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Green Talk – 4 Campaigns to Get You Excited for Earth Day

In honor of Earth Day (it’s tomorrow!), we would like to spotlight four [fairly recent] campaigns promoting environmental initiatives. They differ in the approaches they take, the mediums they use and the causes they support but they’re all great examples of marketing “green” initiatives in creative and compelling ways.

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1. Greenpeace Tells LEGO Everything is NOT Awesome

To generate support for a petition asking LEGO to end its partnership with Shell, Greenpeace enlisted the help of London-based creative agency Don’t Panic.

As part of the campaign, the agency produced a short video depicting oil enveloping a pleasant arctic scene made entirely of LEGOs. To date, the video has over 7 million views and according to a statement from LEGO’s CEO, the toymaker will not be renewing its co-promotional contract with Shell.

The short video uses a series of contrasts to make its case. Its narrative and imagery juxtapose the cinematic notes of an apocalyptic blockbuster and the wonderment of a child’s imagination. Another contrast occurs through the melancholy remix of “Everything is Awesome,” its distinctively sad vibe contrasting with its denotatively positive message. Together, these contrasts argue that Shell and LEGO don’t have any business together.

The final image of the Shell flag raised above the oil leaves little doubt as to who’s to blame for the massive destruction, and a “Sign the Petition” popup gives viewers a way to act. Overall, a great application of irony that serves up its message with panache.

2. Earth Hour – Don’t Be The Only One

Advertising agency Leo Burnett Australia co-founded Earth Hour with the World Wildlife Fund for Nature (WWF) in 2007. In 2011, the agency produced the television commercial “Moths” to encourage participation in the electricity-free hour. Like the LEGO example, this commercial draws on classic end-of-the-world cinematic tropes like those used in “The Birds,” but it uses them in a comedic way.

While the WWF occasionally dabbles in humor, solemn ads that emphasize negative potentialities are its mainstay. This lighthearted approach does a great job appealing to those who might not have committed to Earth Hour yet without coming off as didactic or preachy. The dialogue throughout is natural and the line at the end – “Don’t be the only one” – makes participation seem natural and easy. The only disappointing thing here is that it isn’t a full-length feature film!

3. Run 4 Tiger – A Home Run from Russia?

Screen Shot 2015-04-21 at 12.03.48 PM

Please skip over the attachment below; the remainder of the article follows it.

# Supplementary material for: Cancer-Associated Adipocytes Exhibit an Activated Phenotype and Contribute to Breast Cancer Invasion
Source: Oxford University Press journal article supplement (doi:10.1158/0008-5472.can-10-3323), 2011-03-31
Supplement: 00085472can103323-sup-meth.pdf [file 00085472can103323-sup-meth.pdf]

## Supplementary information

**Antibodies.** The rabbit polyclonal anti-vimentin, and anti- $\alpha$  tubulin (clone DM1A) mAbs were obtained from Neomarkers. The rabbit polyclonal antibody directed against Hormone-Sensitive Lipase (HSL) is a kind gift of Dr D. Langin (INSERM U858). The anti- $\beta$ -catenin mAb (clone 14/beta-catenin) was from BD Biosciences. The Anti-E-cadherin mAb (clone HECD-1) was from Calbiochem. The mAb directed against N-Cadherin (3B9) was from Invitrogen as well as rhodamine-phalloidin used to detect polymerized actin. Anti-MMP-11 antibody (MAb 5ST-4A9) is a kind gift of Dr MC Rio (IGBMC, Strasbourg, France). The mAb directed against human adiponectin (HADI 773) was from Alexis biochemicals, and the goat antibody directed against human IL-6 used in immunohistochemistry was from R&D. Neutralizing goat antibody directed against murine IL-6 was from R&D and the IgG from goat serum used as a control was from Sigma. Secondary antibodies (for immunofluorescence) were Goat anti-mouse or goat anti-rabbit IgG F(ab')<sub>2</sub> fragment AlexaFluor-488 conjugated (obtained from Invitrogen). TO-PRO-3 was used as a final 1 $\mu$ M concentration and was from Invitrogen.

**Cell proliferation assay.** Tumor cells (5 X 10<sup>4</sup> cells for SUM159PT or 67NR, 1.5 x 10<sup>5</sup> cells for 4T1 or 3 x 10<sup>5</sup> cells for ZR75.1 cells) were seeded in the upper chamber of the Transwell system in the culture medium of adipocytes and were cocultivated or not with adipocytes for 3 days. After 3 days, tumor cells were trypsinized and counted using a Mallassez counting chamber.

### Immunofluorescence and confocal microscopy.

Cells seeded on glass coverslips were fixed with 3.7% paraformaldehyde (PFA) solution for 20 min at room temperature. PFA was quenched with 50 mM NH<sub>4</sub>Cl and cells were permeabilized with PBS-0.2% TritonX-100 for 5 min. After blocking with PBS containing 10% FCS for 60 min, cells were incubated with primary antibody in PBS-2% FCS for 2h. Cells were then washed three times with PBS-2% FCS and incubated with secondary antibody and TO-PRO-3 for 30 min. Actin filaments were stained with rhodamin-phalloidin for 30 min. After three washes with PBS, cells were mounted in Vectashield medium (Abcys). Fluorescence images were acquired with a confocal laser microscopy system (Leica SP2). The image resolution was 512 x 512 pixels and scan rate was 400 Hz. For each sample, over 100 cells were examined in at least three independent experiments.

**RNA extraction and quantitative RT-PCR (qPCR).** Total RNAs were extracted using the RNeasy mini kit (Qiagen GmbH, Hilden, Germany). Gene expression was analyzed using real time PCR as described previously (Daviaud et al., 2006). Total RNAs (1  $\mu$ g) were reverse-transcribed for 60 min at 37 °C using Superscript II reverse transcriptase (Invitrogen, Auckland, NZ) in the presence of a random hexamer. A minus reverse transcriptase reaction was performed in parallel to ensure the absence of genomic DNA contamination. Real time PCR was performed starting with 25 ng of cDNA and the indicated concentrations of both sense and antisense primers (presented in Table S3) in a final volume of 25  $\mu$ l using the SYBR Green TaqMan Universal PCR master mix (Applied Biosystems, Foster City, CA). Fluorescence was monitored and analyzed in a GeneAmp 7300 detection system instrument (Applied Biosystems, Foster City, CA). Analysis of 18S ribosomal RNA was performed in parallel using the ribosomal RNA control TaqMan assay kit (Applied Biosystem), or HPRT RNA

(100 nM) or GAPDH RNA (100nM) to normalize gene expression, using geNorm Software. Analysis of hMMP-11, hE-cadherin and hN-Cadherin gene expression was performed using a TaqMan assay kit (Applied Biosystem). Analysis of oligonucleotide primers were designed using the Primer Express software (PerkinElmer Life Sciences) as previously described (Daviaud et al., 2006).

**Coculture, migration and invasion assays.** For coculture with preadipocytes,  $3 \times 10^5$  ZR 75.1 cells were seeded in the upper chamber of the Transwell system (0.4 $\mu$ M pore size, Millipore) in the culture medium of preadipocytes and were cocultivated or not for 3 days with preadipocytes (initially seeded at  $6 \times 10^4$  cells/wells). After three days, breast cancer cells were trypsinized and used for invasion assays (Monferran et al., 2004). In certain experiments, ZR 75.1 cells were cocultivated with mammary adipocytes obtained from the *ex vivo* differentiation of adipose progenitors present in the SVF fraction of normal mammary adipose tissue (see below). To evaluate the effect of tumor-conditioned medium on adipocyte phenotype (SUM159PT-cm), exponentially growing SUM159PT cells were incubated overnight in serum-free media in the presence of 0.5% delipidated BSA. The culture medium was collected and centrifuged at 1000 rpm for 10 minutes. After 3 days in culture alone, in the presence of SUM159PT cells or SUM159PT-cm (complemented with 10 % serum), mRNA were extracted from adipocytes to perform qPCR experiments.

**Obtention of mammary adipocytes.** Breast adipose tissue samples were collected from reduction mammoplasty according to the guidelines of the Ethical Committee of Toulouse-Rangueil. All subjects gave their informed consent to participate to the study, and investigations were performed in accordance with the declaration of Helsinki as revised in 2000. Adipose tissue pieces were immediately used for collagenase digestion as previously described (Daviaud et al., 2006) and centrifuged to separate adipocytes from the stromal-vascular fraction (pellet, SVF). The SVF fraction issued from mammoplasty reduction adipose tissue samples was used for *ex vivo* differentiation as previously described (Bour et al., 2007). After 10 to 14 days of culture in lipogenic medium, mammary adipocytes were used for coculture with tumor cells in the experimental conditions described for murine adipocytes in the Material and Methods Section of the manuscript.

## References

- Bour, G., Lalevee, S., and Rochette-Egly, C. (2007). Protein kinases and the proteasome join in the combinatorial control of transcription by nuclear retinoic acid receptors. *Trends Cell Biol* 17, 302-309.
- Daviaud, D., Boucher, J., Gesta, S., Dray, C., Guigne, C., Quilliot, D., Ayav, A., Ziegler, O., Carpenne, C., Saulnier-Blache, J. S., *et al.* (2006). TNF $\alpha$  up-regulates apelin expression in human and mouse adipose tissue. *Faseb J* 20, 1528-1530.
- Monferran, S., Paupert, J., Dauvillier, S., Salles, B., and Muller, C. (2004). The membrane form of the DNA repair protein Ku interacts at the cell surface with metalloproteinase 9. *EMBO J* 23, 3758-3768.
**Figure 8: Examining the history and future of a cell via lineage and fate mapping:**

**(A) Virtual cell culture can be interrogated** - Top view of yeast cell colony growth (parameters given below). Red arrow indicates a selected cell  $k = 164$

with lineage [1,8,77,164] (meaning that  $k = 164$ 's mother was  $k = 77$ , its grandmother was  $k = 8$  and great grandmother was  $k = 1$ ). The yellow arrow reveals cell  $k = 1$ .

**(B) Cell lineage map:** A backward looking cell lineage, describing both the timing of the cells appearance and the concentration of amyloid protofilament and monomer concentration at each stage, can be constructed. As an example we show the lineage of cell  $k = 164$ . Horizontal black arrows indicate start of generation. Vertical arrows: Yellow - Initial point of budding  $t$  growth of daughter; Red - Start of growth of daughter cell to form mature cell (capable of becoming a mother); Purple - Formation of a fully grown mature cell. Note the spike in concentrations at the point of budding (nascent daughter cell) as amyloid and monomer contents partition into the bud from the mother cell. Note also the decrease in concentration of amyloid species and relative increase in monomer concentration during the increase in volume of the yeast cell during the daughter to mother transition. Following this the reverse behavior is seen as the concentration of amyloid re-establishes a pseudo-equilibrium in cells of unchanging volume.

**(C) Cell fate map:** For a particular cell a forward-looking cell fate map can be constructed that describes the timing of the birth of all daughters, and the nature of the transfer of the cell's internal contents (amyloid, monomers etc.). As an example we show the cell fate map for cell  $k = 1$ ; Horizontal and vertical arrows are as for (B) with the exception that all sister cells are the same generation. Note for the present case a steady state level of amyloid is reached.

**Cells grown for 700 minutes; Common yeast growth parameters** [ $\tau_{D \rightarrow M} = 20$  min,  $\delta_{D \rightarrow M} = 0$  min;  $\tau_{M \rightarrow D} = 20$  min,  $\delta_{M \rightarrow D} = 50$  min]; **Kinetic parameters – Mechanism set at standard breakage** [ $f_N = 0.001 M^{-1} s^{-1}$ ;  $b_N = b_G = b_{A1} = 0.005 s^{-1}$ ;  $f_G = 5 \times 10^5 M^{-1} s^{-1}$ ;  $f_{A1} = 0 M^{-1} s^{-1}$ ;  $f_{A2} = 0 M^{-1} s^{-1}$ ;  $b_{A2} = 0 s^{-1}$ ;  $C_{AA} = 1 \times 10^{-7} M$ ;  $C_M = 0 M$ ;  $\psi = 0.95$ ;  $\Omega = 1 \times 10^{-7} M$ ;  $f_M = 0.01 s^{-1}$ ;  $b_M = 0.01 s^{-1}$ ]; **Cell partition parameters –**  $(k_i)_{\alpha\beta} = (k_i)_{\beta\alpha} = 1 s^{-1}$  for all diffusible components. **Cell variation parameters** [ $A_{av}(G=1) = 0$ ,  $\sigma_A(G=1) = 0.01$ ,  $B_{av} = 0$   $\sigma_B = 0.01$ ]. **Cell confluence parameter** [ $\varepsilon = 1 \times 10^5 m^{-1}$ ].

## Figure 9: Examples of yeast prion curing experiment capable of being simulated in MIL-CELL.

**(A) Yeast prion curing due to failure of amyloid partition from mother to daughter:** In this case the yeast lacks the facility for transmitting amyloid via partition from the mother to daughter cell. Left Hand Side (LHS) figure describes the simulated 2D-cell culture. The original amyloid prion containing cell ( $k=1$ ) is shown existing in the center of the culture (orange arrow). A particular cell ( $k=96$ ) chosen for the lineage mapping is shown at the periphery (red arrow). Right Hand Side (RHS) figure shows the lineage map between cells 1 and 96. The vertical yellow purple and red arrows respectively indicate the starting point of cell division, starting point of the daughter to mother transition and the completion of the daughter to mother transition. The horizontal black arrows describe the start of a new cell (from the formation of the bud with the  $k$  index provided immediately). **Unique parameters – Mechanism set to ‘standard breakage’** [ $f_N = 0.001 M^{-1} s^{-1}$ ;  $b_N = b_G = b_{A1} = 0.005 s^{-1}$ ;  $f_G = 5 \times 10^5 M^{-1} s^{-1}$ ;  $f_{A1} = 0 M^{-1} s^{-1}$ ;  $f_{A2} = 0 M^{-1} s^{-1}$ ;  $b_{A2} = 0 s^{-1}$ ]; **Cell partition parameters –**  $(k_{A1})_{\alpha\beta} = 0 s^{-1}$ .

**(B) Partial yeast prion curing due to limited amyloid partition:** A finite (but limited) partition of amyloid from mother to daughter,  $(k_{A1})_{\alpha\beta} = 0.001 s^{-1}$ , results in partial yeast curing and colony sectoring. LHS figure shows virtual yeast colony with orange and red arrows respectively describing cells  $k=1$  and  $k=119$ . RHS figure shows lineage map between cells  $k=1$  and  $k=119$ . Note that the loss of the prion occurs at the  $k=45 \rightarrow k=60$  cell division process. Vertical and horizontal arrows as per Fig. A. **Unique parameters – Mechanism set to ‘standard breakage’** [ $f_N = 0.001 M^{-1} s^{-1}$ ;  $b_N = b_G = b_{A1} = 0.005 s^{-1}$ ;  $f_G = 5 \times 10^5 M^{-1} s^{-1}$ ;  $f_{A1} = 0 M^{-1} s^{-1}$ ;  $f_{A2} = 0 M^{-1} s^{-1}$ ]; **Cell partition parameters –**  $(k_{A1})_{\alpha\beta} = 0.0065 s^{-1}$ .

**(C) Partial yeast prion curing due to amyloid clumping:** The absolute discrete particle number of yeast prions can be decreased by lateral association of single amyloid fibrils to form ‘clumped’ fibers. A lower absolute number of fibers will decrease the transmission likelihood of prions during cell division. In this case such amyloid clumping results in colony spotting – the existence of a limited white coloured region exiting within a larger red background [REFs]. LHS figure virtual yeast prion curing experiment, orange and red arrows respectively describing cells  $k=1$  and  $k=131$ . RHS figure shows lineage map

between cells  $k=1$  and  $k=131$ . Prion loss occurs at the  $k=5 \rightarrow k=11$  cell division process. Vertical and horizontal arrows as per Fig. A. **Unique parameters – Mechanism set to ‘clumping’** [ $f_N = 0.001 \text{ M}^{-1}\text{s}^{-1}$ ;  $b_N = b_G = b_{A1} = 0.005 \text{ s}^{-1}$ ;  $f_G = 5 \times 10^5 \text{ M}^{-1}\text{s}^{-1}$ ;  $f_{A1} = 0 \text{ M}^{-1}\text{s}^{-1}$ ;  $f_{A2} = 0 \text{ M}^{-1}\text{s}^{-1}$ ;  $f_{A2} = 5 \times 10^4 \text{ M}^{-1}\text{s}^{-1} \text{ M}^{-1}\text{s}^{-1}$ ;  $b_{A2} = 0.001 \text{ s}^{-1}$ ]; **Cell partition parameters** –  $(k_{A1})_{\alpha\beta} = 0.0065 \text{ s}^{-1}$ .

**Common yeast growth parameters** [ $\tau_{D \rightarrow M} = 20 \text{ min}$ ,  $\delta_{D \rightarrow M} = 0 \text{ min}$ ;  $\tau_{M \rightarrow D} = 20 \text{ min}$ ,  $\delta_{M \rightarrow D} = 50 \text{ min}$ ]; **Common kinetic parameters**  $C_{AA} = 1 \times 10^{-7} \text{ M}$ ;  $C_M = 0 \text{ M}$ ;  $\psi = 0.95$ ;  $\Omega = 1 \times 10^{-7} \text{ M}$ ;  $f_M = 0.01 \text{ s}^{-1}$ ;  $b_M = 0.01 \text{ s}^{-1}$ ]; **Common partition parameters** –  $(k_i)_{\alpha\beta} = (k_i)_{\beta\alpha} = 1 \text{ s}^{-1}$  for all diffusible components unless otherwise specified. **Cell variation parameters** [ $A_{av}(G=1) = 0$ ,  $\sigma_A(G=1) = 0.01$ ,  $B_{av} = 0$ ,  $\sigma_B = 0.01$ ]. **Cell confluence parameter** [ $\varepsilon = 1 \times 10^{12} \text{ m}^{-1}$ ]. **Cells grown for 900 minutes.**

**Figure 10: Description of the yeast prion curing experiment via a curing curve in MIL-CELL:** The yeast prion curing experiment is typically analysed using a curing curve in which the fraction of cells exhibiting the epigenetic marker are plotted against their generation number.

Created by Hungry Boys for WWF Russia, Run4Tiger spreads awareness of the dwindling Amur tiger population by encouraging people to compete with a tiger in a race. The website allows participants to compare the mileage they track with various fitness apps to the distance covered by a real tiger. If they don’t win (which, really, how many people run more than a tiger?) the competitors are encouraged to donate $5 to the WWF.

This campaign cleverly relates something that people think of rarely – the endangered status of the Amur tiger – to something that [some] people think about and do every day – running. It’s a smart way to raise awareness but we’re a bit dubious as to whether this campaign will raise significant donations since the “donate” call to action is subsumed by the “join the project and compete” call to action.

The website design itself is getting quite a bit of attention – it earned an 8/10 on awwwards.com. While the interactive introduction is certainly beautiful, we’re not sold. What significance do the moving dots have? When you have statistical information it seems strange to use details without any significance. We want the dots to mean something – is each dot a tiger? A firefly? Anything?! Overall the minimalist look and well-executed typography sit well with us but we’re definitely not going to be challenging the tiger anytime soon.

 4. EDF – If You Don’t, Who Will?

l'orangoutang-DP-ANGIf you don’t preserve nature by using low-wattage bulbs, who will?

Today with simple everyday actions, everyone can help preserve the environment and save power at the same time.

French Electricity company EDF worked with the agency Publicis Conseil to produce the ad campaign “Orangutan.” Hoping to encourage consumers to adopt energy-saving practices, the campaign leverages absurd images of various animals performing energy-conserving tasks.

This campaign does a wonderful job of showing cause and effect in an unexpected way.  An orangutan screwing in a light bulb seems out there, but really it just cuts out the middle man—the human—to illustrate the bulb’s direct impact on nature.

The ad series also owes a lot of its power to the directness of the language it uses – it immediately implicates the viewer by asking a question. It also manages to educate readers by depicting different energy saving actions that real people can take to protect the environment, while the absurdity of the images keeps the ads from feeling guilt-trippy. Also, there is a penguin in one ad so that’s ALWAYS a plus.

We hope you’ve enjoyed this little tour of some of our favorite “green” campaigns. Will you share some of your favorites with us in the comments below?

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As RoundPeg’s graphic designer, Kiana puts her skills to work on websites, print ads, signs and other things we don’t have space to list. She loves elephants, fears sock monkeys and is almost fully conversant in Thai. Kiana hopes for a world where people use honesty and positivity to overcome cultural differences and achieve mutual understanding. She also makes delicious cookies. Learn more about Kiana

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